Ending AIDS - A Generational and Program
Medical Coordinator, Solidarite Therapeutique et Initiatives pour la Sante (SOLTHIS), Sierra Leone
Submission: January 06, 2018; Published: March 15, 2018
*Corresponding author: Wole Ameyan, Medical Coordinator, Solidarité Thérapeutique et Initiatives pour la Sante (SOLTHIS), Freetown, Sierra Leone, Tel: +23276704933; +447425802519; Email: firstname.lastname@example.org; email@example.com
How to cite this article: Wole Ameyan. Ending AIDS - A Generational and Program Informed Approach. Glob J Reprod Med. 2018; 3(4): 555620. DOI: 10.19080/GJORM.2018.03.555620
Since the discovery of HIV, many initiatives and processes have gone into mitigating the effects of the disease on communities and populations to great success. Indeed, the status of the HIV epidemic today is a strong testament to what the human race can achieve so long as we put our minds to it, work hard and collaborate. From being a dreaded disease, leaving no hope to those who contract it, HIV has now become only a chronic condition, very manageable with potent treatments with people living with HIV able to live long, healthy, fulfilling and productive lives. However, there still remain huge challenges to finally solving what is still largely ravaging many communities. A key challenge for country HIV programs is that of strategic planning, implementation and follow up. Inadequate technical support, poor research and data management capacity, limited organizational coordination and knowledge management are some of the main constraints impeding proper strategic direction for many HIV country programs.
Long term strategic planning and program informed decision making is key to ensuring that progress made already in the AIDS response is accelerated at a momentum needed to achieve global targets as it relates to the sustainable development goals. Ending AIDS is possible but through key strategic thinking and planning. A strategic way to end AIDS is through a generational approach that keys into and gives priority to current initiatives towards achieving an AIDS free generation. Strategic programming towards an AIDS free generation should focus on three key strategic areas: prevention of mother to child transmission of HIV (PMTCT); early infant diagnosis of HIV and prevention, care and treatment of HIV in childhood and adolescence. However, there remain key obstacles to tackling these key areas. Prevention of mother to child transmission of HIV remains a key strategic intervention towards ending AIDS. Key to achieving this is the four prongs of PMTCT. Ensuring that women of reproductive age who are HIV negative remain so through targeted sensitization on HIV prevention, intermittent HIV testing and counseling and a context informed condom programming is key. Uptake of family planning services is crucial to PMTCT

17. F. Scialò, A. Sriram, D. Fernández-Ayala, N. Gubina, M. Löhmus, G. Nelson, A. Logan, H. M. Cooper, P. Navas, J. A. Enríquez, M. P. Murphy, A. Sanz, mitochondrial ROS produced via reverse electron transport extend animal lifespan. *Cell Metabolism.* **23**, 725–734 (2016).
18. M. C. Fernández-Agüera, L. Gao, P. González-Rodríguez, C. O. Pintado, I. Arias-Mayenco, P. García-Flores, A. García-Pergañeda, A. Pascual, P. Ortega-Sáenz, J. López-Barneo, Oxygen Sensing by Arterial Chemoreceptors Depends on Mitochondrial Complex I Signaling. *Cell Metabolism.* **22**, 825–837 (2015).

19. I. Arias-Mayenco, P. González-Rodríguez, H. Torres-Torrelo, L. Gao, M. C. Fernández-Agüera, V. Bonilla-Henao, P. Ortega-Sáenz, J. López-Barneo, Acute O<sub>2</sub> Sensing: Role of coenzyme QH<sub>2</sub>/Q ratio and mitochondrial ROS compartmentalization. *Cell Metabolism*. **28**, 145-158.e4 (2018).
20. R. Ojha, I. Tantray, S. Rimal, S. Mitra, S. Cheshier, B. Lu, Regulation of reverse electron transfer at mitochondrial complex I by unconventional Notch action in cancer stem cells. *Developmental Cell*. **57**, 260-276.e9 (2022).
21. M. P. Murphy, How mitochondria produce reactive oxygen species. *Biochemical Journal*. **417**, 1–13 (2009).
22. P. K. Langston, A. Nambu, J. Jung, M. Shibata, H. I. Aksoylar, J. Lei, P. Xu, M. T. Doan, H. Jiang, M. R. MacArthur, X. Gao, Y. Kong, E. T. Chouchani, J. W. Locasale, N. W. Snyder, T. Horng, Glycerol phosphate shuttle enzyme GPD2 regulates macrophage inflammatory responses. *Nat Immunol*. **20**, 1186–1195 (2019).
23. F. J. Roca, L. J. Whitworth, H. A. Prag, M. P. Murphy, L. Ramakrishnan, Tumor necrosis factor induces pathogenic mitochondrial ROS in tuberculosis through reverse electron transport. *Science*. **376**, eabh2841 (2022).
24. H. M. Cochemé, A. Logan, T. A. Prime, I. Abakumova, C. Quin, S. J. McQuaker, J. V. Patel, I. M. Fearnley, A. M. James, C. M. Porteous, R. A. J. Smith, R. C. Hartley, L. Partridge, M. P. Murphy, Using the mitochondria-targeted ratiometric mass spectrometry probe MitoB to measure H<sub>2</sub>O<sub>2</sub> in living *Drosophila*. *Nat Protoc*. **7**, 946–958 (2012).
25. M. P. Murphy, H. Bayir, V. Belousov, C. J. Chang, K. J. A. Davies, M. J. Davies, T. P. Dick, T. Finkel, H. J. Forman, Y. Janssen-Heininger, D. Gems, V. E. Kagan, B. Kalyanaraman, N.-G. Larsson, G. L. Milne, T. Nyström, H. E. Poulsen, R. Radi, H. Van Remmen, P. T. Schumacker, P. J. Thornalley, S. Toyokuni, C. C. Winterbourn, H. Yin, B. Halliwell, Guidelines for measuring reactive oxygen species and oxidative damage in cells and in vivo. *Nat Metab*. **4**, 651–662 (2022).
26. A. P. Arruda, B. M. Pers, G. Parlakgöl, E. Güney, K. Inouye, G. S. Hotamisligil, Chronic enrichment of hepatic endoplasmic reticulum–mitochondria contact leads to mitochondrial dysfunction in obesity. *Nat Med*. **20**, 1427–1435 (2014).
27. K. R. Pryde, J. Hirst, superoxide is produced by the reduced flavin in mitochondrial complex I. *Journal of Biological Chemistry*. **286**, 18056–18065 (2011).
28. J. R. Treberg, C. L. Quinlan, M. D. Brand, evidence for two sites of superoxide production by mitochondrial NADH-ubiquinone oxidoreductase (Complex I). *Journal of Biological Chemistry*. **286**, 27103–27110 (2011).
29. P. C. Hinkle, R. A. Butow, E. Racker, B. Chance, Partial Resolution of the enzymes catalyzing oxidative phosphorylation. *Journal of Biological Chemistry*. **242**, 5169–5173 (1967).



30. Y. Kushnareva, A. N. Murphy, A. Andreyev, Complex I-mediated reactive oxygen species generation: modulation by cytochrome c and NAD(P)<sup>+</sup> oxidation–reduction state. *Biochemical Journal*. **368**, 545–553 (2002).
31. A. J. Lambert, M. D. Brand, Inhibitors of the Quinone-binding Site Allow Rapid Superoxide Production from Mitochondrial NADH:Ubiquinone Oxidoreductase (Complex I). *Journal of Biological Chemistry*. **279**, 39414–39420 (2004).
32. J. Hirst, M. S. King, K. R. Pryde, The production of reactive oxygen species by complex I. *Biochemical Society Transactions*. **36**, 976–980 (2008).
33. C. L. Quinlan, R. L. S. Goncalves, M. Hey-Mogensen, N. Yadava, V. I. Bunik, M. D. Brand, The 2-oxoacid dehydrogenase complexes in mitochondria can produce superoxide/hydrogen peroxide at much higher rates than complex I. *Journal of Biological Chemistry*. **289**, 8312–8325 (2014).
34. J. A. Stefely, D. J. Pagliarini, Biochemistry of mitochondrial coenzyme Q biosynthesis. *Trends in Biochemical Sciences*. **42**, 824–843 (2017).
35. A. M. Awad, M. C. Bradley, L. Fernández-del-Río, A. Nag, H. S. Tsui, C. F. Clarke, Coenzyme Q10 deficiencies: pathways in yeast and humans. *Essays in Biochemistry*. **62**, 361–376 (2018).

Unfortunately, uptake of family planning services remains low in many settings. Barriers to the uptake of family planning services need to be deciphered to inform interventions to improve this very important service. HIV positive pregnant and breastfeeding women require intensified support that emphasizes retention in care, adherence to treatment with the aim of achieving viral suppression during pregnancy but very crucially during labour, parturition and breastfeeding. Infant prophylaxis in line with global best practices need to be scaled up while services for early infant diagnosis, which currently are below the required levels in scale and quality, need to be focused on and intensified.
Early infant diagnosis still faces constraints of enormous proportions in many countries. Country programs need to unpack and deal with the main barriers of human, infrastructural, informational, material and organizational dimensions inhibiting the proper functioning of EID services. Childhood and adolescent HIV programming needs to be at the forefront of a program informed and generational approach towards ensuring that AIDS is ended in the not too distant future. One-seventh of new HIV infections occur during adolescence and over 30% of all new HIV infections globally are estimated to occur among youth ages 15 to 25 years. The need to focus on the provision of quality comprehensive services for children and during the adolescent period cannot be over emphasized. This article therefore unequivocally calls for a generational approach that focuses on adolescent service delivery to support access to quality services for this age group who are being left behind and for whom HIV services are vitally important. Differentiated care with a focus on adolescent centered care will be critical in achieving global goals on adolescent HIV service provision while strategies towards integration with broader SRH and adolescent friendly services is essential. Finally, stakeholder and strategic partnerships between high performing and low performing country HIV programs and strategic guidance and support from leading global institutions like the world health organization needs to be looked into with a view to ensuring that country and donor needs are aligned and met. Such strategic partnerships should form the fulcrum of efforts for program informed, generational approaches toward sending AIDS.